WHEN the Reverend Archibald Eneas Robertson reached the summit of Meall Dearg in 1901 he became the first person to climb all the Munros. It would be 22 years before anyone else matched that feat.
But as Ronald Burn finished his round and all the subsidiary tops in 1923 to become the second Munroist, a new mountain club was being born.
Dundee University’s Rucksack Club is celebrating its 90th anniversary with a series of events, talks and exhibitions over the next two months, and current president Guy Templeton and his predecessor Brett Gregory accompanied me to the university archive to take a look at its proud history.
The old handwritten journals reveal a completely different way of life, a fascinating glimpse into the way society has changed over the last 90 years.
The men’s and women’s groups went on separate outings, with just one combined meeting each year. The formality of the age saw the men referred to in the records as Mr and the women as Miss.
Early trips were made by bicycle, train and even, on occasion, motorbike. No fast car blasts up the A9, no day trips to Glen Shiel or Glen Affric.
The usual stomping grounds were the Cairngorms and the Angus and Perthshire hills, and the outings would often last a week or longer. Crianlarich was the edge of the frontier; Skye and the more western mountains meant a real expedition.
The packs were heavy, the routes epic. One mention is of a 22-hour trek to Corrour Bothy in the Cairngorms. The hills were tackled the day after. On one occasion, a Mr Japp had to borrow “a huge and very heavy pair of boots from a shoemaker in Aviemore to make it home to Dundee”.
Each trip was planned with military precision, a list of food stocks longer than your arm. Among the pounds of staples like tea, bacon, sausages etc, there’s a tin of Creamola Foam.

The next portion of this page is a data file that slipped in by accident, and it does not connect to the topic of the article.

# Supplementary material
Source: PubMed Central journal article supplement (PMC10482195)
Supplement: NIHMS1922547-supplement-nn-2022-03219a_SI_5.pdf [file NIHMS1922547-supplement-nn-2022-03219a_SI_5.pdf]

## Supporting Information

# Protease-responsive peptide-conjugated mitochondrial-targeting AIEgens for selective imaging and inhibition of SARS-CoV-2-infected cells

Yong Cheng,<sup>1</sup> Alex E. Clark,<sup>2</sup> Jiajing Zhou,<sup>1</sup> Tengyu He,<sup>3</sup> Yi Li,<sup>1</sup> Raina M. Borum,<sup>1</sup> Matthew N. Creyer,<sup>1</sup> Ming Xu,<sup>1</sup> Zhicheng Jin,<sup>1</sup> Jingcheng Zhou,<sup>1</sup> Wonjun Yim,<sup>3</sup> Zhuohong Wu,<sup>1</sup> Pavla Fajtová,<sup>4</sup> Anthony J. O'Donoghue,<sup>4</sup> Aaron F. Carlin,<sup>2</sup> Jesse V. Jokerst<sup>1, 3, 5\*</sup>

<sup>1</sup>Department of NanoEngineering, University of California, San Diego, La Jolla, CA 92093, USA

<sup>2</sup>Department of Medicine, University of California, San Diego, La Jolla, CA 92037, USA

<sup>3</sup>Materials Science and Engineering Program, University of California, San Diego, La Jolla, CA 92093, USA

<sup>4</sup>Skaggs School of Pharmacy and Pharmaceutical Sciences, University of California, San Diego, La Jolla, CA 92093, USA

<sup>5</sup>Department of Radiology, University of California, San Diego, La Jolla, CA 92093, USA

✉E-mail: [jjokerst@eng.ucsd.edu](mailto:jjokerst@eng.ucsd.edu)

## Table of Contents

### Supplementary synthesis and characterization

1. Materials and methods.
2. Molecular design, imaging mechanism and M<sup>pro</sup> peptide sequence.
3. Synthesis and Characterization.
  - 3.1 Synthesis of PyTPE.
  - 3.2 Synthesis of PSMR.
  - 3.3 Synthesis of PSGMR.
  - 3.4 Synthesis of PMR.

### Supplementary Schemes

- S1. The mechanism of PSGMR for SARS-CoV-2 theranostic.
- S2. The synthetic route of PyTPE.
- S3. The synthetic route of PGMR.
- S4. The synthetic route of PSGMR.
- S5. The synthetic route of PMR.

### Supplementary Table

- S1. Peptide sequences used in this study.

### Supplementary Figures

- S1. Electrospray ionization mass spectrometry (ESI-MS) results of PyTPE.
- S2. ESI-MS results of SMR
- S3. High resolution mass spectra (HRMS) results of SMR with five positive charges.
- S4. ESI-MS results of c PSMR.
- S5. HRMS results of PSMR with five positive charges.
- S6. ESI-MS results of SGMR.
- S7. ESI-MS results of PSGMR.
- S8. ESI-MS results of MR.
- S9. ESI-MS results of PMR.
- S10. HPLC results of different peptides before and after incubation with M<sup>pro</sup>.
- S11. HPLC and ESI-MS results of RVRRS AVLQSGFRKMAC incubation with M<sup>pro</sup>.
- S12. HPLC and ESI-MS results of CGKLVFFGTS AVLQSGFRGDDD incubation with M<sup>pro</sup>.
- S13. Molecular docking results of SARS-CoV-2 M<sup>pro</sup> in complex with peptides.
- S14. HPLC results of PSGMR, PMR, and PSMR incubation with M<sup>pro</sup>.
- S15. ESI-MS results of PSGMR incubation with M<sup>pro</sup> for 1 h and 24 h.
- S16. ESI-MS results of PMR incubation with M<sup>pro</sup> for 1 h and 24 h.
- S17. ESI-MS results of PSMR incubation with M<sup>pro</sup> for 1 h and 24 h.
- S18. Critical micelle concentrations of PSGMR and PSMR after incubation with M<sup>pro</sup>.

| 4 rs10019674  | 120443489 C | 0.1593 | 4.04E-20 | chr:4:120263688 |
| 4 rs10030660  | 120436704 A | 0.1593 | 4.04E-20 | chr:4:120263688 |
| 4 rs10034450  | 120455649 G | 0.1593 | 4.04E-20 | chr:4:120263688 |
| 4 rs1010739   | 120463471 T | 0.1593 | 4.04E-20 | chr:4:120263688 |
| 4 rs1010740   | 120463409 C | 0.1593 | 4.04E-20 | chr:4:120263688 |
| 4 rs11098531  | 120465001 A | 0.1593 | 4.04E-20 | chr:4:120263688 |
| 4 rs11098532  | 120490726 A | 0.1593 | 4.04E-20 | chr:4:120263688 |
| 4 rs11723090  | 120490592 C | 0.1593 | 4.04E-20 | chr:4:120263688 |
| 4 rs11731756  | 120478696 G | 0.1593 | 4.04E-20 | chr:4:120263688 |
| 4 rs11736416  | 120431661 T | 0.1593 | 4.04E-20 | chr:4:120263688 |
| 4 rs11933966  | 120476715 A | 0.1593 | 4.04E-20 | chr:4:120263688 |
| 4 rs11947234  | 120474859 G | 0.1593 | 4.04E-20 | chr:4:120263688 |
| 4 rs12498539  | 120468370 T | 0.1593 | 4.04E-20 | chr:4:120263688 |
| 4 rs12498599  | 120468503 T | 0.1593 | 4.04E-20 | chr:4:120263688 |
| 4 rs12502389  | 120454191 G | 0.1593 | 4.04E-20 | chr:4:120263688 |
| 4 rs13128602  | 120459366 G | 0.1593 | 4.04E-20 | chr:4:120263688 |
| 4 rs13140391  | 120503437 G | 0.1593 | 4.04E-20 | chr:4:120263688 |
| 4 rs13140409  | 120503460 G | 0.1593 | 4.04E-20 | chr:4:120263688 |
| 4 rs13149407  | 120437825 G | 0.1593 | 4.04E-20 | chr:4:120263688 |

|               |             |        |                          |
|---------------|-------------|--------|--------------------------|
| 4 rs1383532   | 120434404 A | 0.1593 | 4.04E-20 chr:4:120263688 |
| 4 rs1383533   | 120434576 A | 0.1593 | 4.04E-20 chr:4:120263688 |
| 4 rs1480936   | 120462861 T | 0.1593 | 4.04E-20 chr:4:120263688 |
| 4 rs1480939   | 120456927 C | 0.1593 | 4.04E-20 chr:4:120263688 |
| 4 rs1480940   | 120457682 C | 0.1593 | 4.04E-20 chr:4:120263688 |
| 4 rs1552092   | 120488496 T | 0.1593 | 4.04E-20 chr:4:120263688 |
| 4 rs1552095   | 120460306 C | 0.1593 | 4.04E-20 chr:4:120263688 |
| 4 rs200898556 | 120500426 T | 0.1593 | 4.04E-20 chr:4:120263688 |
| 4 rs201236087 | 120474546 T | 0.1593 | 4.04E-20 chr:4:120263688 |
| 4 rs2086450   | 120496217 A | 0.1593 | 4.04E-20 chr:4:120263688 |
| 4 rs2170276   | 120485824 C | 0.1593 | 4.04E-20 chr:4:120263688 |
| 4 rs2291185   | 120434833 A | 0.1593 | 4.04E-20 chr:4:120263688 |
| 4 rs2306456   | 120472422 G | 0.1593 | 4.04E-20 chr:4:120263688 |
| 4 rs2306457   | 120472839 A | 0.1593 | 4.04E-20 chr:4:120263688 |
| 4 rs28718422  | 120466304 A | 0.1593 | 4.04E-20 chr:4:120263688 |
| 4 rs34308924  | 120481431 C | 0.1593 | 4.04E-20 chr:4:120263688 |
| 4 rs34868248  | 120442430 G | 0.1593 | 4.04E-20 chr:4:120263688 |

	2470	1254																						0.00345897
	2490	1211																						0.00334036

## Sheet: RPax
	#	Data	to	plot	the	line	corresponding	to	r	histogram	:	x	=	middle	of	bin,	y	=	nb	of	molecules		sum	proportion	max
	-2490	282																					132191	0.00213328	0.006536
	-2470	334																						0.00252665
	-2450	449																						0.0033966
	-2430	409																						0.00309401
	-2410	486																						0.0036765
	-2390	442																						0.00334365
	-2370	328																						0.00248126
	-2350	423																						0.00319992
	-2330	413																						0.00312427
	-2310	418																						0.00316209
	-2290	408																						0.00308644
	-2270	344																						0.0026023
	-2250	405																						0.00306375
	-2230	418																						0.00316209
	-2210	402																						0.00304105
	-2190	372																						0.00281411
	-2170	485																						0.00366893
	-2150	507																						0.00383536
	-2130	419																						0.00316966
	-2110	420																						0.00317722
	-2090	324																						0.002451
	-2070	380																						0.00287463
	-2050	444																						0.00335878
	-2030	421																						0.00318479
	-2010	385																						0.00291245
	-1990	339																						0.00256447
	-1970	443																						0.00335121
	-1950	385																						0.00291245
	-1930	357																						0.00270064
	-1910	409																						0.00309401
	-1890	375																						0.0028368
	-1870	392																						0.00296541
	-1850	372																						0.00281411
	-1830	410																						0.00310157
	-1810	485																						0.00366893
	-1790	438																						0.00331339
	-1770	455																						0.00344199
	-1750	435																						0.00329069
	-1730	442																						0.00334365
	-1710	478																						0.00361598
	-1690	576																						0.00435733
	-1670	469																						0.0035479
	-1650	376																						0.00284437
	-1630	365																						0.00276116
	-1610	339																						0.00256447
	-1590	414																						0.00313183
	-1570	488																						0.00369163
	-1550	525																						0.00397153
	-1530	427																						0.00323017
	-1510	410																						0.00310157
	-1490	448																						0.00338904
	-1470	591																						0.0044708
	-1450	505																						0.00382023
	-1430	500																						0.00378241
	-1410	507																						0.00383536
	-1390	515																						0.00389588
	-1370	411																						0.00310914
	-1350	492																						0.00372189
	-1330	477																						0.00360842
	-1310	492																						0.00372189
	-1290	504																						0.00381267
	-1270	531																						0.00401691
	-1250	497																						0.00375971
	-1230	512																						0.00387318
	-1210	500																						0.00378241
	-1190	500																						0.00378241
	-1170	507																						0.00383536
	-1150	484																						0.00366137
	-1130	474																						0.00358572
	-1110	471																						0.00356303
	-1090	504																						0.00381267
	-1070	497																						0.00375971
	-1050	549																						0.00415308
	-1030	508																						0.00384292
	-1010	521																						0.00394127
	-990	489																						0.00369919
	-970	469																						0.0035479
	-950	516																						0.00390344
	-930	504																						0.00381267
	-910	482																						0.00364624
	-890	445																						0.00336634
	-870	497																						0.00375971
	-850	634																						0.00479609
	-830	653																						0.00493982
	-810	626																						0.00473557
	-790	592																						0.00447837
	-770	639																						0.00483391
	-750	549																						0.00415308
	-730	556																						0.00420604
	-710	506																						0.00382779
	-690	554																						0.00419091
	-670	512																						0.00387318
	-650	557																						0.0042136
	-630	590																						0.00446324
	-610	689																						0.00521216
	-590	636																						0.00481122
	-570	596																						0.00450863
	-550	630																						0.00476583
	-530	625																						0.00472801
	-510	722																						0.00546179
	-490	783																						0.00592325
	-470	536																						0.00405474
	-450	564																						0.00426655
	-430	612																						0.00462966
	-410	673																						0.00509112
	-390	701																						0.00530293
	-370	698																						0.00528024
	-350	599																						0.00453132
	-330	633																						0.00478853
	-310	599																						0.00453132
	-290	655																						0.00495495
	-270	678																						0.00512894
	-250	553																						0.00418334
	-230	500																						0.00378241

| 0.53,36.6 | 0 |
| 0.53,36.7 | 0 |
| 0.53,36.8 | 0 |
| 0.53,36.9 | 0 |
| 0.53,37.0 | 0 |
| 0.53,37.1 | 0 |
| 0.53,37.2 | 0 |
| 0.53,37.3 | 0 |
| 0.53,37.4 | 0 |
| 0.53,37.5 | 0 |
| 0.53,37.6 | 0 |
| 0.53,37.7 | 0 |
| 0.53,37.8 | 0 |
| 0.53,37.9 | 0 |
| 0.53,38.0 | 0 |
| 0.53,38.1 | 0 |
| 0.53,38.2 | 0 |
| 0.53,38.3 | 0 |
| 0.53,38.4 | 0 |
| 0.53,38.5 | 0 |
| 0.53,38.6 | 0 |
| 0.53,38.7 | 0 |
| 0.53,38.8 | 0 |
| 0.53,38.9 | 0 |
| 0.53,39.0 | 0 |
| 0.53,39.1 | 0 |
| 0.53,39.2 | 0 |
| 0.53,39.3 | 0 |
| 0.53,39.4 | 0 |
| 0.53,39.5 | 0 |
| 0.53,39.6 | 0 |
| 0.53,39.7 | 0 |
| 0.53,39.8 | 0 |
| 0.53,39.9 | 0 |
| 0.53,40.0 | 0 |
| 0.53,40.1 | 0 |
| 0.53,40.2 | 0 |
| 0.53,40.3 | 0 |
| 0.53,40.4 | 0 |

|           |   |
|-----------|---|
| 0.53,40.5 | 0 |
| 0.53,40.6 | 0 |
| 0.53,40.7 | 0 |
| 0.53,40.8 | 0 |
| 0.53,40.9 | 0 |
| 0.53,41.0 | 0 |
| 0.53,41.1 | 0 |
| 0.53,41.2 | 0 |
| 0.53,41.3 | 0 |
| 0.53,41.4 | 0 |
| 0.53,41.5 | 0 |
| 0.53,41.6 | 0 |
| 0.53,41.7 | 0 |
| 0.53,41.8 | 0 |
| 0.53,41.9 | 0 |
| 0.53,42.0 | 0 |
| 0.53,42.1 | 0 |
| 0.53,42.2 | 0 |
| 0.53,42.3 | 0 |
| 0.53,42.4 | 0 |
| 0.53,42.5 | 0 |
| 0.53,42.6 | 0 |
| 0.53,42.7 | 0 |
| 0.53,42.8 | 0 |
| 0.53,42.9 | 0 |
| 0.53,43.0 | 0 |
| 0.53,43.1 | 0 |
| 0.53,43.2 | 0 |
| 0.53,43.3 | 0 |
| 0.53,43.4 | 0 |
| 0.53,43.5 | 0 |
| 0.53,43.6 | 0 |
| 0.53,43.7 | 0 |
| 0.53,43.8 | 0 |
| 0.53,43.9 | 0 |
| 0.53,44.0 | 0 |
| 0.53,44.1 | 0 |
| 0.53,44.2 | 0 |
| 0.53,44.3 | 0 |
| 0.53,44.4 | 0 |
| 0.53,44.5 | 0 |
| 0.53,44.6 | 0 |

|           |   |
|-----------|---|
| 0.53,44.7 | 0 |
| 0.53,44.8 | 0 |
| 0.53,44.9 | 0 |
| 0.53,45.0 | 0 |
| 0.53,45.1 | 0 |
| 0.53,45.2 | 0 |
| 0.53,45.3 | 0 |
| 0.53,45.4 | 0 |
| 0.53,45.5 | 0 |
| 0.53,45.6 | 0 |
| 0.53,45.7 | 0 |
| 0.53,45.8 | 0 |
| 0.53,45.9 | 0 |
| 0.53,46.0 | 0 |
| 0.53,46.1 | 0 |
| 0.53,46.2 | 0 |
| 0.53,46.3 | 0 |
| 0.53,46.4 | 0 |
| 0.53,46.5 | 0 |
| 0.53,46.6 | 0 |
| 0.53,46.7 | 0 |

There’s reference to breakfast knives being sharpened on grindstones outside a bothy “for the glorious feast of sausages”. Nowadays a plastic spork is more in evidence, and the sausages are probably more plastic as well.
By 1938, cars were starting to make an appearance. During a trip to Beinn a’Ghlo at Blair Atholl, there’s reference to Susy, “an automobile of doubtful origin but unquestionable virtues”. These were the days when men were men and cars had cute names.
During World War II fuel rationing meant trips had to be rationed as well. By 1947, the club had its first female president, the first sign of a break in male-dominated times.
But some things remain constant. The weather, for instance, is often referred to as foul, heavy rain and gales being battled en route to a summit. Some climbs are noted as “monstrous”.
And when you flick through the sepia-tinged pictures, you see the hills as they still are, unchanged over many thousands of years. It’s only the faces and personnel posing in front of them that change.
A dip into the records in another 90 years will no doubt show today’s climbers as part of that sepia generation.
*Thanks to the University of Dundee Archives Service.
(First published Daily Record, October 3, 2013)